Wyoming’s nickname is “The Equality State” and Francis Emroy Warren and Esther Hobart Morris were key characters in the history of women’s suffrage in the state.
F. E., as we fondly refer to him, served in the Dakota Territorial Legislature prior to Wyoming statehood. He advocated for the women’s vote and, at the time Wyoming applied for statehood, the right for women to vote was included in the application to become a state. Congress balked at its inclusion because at that time no other state provided for such rights. F.E. then submitted a letter stating that if it were not included Wyoming would withdraw its application. Congress finally approved Wyoming statehood along with the provision allowing women to vote.
F.E. supported his wife and daughter in full participation in the government. His wife, Helen, is said to have been the first woman in Laramie County to cast a vote and his daughter, Frances (Frankie), worked at the polls for a number of years. In 1900, Frankie became the first woman delegate elected to a Republican National Convention. In the same year, Elizabeth Cohen of Utah was chosen as an alternate to the Democratic National Convention. When another delegate became ill, Cohen became the first woman delegate to a Democratic National Convention.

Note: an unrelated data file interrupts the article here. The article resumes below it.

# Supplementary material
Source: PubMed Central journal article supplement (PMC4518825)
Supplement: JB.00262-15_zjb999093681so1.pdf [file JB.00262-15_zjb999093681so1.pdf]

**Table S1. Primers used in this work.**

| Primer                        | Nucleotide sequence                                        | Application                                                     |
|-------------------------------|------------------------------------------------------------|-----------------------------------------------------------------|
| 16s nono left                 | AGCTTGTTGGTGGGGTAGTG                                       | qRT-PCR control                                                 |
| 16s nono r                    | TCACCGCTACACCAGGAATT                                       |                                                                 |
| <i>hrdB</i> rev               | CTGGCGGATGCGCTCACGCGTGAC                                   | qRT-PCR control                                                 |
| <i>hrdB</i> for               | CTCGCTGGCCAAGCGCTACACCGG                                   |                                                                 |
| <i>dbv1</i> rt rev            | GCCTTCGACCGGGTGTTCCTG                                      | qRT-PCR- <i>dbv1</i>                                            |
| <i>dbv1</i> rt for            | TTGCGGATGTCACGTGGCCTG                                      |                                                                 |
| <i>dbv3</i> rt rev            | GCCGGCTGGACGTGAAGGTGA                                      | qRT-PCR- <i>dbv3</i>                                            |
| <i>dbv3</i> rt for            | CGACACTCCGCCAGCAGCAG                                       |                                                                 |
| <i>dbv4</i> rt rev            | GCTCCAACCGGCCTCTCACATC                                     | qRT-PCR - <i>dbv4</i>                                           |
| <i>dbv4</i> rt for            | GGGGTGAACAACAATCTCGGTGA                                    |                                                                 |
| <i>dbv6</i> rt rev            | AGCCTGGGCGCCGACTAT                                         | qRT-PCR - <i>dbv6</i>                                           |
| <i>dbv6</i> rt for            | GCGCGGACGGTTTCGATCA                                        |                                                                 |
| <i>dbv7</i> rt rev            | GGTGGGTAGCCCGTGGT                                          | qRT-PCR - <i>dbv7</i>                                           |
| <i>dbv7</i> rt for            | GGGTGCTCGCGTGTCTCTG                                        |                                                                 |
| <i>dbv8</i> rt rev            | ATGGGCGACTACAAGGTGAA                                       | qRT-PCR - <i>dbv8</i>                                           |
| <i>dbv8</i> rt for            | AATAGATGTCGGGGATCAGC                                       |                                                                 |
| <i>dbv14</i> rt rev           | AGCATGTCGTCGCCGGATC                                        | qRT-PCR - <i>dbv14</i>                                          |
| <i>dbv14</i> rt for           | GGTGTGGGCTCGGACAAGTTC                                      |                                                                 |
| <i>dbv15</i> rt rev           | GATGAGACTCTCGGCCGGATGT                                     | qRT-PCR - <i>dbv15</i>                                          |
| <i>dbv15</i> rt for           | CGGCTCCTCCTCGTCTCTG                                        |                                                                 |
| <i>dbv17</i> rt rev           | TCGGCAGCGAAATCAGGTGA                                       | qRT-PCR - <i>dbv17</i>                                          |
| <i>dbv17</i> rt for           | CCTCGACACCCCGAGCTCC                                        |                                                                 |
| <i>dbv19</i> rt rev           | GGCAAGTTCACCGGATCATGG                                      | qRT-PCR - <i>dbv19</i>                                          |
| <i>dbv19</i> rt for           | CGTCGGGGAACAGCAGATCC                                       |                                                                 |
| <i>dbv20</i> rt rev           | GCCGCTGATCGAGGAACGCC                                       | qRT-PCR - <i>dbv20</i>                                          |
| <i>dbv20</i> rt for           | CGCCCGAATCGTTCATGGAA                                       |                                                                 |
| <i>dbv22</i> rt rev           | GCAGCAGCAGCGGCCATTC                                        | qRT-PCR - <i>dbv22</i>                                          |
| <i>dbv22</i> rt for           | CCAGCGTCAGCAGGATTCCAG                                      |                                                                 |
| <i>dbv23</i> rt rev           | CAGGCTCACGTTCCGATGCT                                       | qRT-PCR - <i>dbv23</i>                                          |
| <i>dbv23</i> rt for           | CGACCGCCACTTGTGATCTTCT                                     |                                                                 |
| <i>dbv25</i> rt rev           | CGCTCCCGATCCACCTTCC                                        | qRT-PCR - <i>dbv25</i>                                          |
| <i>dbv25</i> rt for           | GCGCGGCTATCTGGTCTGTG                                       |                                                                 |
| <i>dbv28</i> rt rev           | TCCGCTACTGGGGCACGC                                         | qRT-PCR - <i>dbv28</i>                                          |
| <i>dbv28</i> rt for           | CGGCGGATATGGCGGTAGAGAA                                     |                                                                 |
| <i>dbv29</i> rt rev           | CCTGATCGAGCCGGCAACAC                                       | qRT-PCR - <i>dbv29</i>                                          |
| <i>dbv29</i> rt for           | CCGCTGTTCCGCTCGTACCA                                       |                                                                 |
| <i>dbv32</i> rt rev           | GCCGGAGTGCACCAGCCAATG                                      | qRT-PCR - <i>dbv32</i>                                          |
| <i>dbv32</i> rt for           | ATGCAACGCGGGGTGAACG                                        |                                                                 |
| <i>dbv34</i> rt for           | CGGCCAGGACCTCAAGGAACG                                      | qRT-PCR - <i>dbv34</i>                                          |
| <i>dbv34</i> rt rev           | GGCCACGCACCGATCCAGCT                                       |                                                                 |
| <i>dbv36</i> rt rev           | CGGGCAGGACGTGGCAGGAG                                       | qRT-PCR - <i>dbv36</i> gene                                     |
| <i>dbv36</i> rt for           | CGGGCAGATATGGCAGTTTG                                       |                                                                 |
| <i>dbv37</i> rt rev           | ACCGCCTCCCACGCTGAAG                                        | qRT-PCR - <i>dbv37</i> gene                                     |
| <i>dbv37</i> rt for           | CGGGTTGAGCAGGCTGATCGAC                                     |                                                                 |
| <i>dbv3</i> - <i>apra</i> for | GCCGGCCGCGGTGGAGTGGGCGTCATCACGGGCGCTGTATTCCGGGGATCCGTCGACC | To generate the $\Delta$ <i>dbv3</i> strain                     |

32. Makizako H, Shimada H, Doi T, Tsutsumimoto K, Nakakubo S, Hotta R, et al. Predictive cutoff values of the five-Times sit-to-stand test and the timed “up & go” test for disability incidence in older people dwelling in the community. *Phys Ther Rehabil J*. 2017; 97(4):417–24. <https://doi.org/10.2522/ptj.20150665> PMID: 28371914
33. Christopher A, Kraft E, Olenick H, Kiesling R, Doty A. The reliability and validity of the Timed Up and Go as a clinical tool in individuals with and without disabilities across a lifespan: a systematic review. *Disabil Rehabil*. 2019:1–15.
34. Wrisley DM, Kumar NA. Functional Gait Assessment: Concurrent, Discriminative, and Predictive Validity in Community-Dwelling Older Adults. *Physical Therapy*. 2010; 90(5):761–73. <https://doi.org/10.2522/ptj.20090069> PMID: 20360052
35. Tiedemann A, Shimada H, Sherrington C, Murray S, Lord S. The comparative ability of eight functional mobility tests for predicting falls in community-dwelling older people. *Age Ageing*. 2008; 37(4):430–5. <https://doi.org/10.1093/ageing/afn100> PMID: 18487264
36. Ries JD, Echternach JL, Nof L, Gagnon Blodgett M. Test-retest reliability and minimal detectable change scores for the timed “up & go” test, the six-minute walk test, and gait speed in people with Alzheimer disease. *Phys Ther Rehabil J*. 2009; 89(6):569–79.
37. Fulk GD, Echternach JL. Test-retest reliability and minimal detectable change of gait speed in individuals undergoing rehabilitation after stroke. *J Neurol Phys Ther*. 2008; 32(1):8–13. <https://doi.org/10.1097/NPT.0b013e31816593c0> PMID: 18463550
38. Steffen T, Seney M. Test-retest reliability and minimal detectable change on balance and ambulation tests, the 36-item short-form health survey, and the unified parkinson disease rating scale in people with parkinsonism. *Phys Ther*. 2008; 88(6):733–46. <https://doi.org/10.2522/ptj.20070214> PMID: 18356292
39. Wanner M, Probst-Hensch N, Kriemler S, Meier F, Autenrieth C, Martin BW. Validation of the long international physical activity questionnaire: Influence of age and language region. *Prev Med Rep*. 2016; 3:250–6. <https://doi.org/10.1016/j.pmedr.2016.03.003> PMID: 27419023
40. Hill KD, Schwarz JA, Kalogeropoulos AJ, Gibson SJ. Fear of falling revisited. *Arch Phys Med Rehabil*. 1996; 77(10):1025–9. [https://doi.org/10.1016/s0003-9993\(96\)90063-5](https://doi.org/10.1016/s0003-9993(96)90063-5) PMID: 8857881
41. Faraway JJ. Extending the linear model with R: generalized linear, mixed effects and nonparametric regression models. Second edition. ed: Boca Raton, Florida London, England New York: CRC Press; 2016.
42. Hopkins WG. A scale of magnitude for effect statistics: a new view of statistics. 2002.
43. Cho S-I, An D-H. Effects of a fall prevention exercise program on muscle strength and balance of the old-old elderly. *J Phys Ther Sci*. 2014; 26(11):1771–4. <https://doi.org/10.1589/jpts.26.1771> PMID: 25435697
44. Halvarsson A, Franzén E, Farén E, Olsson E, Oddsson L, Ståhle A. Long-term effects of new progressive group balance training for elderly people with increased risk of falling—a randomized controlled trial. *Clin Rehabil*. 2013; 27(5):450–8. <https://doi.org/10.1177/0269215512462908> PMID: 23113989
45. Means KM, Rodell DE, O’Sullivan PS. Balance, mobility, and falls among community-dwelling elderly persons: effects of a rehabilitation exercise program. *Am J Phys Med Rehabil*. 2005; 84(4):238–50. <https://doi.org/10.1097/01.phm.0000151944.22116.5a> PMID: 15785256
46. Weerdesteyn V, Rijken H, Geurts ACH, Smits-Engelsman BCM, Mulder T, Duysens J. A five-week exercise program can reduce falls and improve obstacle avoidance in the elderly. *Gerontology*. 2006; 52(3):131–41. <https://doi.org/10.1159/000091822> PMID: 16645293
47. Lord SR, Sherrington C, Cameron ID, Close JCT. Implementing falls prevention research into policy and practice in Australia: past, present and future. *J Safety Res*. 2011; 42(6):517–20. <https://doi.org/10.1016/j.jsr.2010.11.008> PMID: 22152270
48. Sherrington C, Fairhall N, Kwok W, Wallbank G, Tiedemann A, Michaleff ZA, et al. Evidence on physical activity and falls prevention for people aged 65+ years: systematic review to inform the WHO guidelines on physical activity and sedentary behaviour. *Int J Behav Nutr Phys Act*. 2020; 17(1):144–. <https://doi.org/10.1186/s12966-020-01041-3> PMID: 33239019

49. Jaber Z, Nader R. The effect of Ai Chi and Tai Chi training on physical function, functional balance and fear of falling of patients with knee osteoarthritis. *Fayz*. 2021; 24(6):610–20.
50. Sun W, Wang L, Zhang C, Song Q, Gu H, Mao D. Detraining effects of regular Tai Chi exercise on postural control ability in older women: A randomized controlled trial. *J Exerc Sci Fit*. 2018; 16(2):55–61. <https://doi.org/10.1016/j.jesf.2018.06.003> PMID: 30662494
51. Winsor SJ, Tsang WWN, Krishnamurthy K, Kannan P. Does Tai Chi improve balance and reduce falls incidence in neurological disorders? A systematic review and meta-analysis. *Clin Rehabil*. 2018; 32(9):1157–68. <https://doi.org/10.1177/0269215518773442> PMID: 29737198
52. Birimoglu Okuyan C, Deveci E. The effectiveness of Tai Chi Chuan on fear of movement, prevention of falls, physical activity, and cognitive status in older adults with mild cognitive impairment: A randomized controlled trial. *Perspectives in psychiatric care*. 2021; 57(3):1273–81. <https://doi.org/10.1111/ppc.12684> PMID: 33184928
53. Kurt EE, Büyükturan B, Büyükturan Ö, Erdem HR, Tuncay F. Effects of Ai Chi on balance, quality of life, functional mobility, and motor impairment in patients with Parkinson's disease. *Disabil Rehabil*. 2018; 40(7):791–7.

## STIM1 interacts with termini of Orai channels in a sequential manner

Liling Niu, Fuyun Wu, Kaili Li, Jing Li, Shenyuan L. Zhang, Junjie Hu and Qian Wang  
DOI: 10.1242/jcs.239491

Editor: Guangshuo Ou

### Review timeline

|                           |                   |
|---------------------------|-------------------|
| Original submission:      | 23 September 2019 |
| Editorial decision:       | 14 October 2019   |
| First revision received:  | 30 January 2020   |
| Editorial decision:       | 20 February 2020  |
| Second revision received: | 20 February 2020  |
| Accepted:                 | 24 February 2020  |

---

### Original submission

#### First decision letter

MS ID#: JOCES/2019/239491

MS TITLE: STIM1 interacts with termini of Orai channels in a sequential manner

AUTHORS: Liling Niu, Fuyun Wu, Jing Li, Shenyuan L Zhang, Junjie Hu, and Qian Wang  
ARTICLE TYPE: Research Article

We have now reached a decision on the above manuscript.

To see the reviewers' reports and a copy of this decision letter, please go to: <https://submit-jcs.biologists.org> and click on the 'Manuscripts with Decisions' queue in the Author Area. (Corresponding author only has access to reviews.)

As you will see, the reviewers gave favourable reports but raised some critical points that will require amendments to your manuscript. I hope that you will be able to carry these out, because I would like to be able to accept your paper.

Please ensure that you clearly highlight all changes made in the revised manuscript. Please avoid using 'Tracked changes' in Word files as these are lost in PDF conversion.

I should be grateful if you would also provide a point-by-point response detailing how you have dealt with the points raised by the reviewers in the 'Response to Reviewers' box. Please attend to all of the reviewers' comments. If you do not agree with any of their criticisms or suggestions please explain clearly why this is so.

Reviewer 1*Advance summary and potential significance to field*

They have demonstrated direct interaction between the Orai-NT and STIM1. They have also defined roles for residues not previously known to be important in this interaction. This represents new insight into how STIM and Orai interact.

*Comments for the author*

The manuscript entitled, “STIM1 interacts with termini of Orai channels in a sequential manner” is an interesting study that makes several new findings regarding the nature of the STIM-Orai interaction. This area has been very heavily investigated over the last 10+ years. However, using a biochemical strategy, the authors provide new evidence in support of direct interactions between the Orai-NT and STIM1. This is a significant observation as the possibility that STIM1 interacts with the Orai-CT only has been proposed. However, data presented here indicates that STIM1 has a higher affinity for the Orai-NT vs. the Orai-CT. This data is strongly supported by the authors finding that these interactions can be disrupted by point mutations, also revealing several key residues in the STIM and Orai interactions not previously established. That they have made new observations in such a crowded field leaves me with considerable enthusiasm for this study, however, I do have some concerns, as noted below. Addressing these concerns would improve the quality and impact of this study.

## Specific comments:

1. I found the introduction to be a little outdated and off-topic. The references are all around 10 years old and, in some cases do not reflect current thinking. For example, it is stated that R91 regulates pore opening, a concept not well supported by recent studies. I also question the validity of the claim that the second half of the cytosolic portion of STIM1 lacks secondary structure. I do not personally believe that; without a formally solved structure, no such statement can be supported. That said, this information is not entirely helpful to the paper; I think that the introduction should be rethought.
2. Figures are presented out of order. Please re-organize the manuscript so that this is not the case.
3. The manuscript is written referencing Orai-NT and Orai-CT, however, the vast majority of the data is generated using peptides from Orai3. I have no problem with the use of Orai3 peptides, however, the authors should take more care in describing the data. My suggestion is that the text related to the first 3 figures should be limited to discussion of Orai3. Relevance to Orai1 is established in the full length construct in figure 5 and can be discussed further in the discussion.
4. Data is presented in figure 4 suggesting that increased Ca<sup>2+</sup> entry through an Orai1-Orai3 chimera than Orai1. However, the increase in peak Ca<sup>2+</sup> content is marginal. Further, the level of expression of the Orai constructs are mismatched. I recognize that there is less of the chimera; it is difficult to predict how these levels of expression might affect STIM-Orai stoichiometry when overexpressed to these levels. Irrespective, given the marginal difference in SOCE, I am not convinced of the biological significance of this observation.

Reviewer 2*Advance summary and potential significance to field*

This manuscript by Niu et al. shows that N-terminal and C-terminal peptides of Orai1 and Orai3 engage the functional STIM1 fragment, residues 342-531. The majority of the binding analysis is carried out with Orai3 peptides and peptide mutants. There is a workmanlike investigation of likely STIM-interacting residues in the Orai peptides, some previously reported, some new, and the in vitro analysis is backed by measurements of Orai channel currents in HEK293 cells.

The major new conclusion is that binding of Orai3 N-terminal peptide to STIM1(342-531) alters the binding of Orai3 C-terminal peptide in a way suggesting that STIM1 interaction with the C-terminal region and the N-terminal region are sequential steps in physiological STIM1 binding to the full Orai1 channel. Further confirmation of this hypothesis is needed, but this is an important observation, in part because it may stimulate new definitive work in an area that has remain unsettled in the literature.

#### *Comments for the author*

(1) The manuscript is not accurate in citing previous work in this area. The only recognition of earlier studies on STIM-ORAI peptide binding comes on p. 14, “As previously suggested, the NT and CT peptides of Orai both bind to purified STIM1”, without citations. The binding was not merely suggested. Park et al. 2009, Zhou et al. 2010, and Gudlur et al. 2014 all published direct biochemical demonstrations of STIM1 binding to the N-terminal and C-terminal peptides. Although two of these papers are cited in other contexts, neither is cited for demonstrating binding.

F.E. and Frankie continued to be active in supporting women’s suffrage on the national level. In fact, F.E. repeatedly introduced bills in the U.S. Senate calling for women’s suffrage on a national scale. He persisted until approval was finally achieved.
Esther Hobart Morris
While Wyoming was still a Territory, Esther Hobart Morris was the first woman named to public office in the U.S. Her appointment as justice of the peace of Sweetwater County on February 14, 1870, followed the resignation of Judge J. W. Stillman. Apparently Stillman may have had some resistance to her appointment, since he refused to hand over his court docket. The spunky Judge Morris had him arrested, though ultimately she dismissed her own case with a ruling that she as an interested party did not have the authority to arrest him.
She then began her own docket, and held court sitting on a wood slab of her log cabin. She ruled in a community where men outnumbered women 4 to 1. Her constituency included miners, gamblers, speculators, business owners, prostitutes and rounders.
Judge Morris ruled on 27 cases, including nine criminal cases. While some were appealed, none of her decisions were overturned.
A bronze statue of Esther Hobart Morris stands before the Wyoming State Capitol Building in Cheyenne, Wyoming and another is located in our nation’s capitol building in Washington, D.C.